The servants in the abbey have a hierarchy that has its own set of rules and an honor system. One of the higher positions is that of being the valet to the Lord. The servant that was serving as Matthew's valet felt very disrespected in that Matthew did not allow the valet to perform his duties. The valet finally approaches Matthew and he makes the comment, "Well it seems that those things are beneath a grown man."
Matthew immediately realizes that he deeply insulted the valet. The valet was merely doing the job that he was hired to do and one of the best jobs that he could get. Matthew apologizes profusely but the damage had been done.
It shouldn't come as any surprise that the things that we say can hurt people. I am sure that everyone can relate a story where something that they have said hurt someone. And I am sure that everyone has been on the receiving end as well.
But there is a flip side to this as well. While our words can have power over others, others can have power over our words as well. I came across a story like this the other morning. The story is found at the end of Mark 11. Jesus has entered Jerusalem for the final time and is in the week between Palm Sunday and Good Friday. The beginning of the week is marked with conflict between Jesus and the Jewish religious leaders.
Just the day before Jesus had cleared all of the money-changers and people selling animals out of the temple. "Surprisingly" this didn't sit well with the chief priests, scribes and elders. So they came to challenge Jesus:
"By what authority are you doing these things, or who gave you this authority to do them?"
They didn't like what Jesus was doing and were trying to do anything to discredit him. The question was most likely a trap. The leaders figured that they could catch Jesus saying something that would cause him to either lose his popularity with the people or to greatly anger the Roman authorities. If Jesus lost his popularity with the people then the leaders could get rid of Jesus without angering the people. If Jesus upset Rome then Rome could get rid of Jesus and the people would be angry with Rome. Either way the Jewish leaders figured it was a win for them. But they didn't count on how Jesus would respond:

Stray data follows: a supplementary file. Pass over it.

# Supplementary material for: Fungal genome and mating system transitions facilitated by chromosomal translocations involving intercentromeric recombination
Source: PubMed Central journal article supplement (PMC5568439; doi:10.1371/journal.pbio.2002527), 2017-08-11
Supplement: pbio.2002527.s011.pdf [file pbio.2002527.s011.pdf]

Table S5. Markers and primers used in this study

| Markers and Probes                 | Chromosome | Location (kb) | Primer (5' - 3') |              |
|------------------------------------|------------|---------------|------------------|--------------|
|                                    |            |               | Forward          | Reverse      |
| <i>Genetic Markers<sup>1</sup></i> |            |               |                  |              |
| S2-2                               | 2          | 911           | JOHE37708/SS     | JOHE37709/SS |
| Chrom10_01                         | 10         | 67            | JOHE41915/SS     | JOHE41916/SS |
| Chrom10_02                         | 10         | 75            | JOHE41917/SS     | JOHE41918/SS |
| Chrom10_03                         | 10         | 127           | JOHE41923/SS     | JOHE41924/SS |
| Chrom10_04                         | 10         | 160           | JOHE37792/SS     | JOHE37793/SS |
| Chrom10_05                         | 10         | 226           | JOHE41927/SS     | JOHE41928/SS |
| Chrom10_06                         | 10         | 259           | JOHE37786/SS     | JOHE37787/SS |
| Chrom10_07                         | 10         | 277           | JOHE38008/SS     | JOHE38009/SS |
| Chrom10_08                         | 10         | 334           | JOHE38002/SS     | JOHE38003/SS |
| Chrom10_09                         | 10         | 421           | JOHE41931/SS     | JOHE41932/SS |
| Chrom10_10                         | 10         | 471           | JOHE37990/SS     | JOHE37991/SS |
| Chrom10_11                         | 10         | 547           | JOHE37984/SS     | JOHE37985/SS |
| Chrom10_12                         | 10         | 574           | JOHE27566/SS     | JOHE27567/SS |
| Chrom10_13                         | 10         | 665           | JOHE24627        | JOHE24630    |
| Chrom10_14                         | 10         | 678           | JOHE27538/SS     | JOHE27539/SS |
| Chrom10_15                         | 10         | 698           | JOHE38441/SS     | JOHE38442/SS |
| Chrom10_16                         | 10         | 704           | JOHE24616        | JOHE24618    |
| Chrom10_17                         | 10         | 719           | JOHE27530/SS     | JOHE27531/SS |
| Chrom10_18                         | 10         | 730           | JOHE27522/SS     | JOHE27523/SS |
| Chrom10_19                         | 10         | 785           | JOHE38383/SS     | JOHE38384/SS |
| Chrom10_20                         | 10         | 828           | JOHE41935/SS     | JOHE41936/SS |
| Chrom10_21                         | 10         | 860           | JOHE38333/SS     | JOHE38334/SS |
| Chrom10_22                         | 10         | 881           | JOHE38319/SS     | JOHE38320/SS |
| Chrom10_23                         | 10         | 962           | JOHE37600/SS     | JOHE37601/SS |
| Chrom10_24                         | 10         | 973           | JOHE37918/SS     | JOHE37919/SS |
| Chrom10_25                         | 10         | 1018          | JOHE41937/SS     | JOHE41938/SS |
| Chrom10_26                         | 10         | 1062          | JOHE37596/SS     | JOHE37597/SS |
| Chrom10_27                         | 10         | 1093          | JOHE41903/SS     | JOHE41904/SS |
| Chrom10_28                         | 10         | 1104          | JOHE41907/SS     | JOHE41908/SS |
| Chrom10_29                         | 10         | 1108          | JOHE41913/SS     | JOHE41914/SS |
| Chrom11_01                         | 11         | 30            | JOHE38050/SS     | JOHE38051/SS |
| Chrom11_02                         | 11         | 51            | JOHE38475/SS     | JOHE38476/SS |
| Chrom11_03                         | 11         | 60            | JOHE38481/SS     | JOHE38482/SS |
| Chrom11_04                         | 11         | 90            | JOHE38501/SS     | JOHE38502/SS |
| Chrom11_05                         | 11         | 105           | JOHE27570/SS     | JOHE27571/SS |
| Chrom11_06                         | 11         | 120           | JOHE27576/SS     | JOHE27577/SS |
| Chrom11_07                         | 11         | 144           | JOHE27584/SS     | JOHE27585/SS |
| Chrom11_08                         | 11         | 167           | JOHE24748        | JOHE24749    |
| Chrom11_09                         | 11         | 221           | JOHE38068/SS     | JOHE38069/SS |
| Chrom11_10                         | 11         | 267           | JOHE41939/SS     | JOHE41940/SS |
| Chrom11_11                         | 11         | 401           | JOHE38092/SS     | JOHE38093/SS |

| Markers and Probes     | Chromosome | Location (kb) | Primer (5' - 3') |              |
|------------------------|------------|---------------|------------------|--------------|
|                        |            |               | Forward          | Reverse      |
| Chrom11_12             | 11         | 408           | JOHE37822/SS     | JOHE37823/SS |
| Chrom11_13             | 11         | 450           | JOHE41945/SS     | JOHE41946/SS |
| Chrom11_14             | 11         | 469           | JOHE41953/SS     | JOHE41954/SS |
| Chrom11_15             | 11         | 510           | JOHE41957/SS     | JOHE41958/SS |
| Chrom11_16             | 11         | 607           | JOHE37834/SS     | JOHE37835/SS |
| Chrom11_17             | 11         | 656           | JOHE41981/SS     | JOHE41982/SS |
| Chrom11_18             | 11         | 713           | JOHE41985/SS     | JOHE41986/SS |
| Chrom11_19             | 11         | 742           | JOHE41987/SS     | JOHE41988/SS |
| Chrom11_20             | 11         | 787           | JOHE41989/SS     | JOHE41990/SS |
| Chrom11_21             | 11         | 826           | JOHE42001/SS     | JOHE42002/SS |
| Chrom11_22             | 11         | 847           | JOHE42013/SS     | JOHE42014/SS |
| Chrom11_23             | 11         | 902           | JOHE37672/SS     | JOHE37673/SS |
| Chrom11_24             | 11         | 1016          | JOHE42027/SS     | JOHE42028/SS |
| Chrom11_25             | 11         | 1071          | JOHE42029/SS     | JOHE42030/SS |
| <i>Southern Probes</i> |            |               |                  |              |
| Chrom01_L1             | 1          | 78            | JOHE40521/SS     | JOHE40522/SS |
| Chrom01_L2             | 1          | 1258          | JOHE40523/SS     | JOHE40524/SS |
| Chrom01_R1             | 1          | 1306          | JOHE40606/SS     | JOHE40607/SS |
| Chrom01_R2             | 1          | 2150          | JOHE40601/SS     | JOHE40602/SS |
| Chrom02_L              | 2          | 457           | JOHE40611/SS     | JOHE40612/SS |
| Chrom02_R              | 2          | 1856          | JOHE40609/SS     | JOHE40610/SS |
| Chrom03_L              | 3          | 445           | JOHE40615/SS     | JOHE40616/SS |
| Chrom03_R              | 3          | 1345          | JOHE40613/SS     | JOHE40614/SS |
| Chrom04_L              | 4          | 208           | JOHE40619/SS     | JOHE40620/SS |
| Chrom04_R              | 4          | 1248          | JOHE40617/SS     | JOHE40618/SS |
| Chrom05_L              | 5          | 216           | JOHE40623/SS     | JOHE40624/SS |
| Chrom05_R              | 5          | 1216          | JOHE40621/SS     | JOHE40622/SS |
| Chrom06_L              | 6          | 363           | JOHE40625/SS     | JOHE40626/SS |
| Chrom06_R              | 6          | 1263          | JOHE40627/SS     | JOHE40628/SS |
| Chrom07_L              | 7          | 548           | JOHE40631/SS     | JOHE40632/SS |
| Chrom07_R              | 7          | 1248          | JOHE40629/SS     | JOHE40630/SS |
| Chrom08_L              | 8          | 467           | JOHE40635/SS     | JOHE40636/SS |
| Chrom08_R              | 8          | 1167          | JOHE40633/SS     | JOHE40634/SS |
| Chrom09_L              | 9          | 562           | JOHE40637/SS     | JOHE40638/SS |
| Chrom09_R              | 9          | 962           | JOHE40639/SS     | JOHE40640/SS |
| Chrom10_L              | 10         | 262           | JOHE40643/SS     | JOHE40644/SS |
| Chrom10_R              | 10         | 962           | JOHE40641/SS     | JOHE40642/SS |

"Jesus said to them, 'I will ask you one question; answer me, and I will tell you by what authority I do these things. Was the baptism of John from heaven or from man? Answer me.'"
The Jewish leaders found themselves in a dilemma. They realize that if they answered that John's baptism was from heaven then they would be in trouble for not believing John. If they answered that John's baptism was from man–which is what they believed–then they might anger the people and they were afraid of the people. The Jewish leaders were more concerned about maintaining their position of power by saying what they felt that the people wanted to hear rather than seeking the truth.
It is a very easy trap to fall into. Our words can easily be controlled by what we want others to think of us rather than by our seeking and speaking the truth. When that happens we have given other people power over our words. We have a balancing act to do. We must speak in love whenever we speak in truth. We cannot say something hurtful and fall back on the excuse of it being the truth. We also cannot say something untrue because we think that it will cause someone to think better of us.
It strikes me that what we see in the story about Matthew and the valet along with how the Jewish leaders were trapped points out the importance and power that we find in our words. We need to not only be careful about what we say but also about who we allow to control what we say.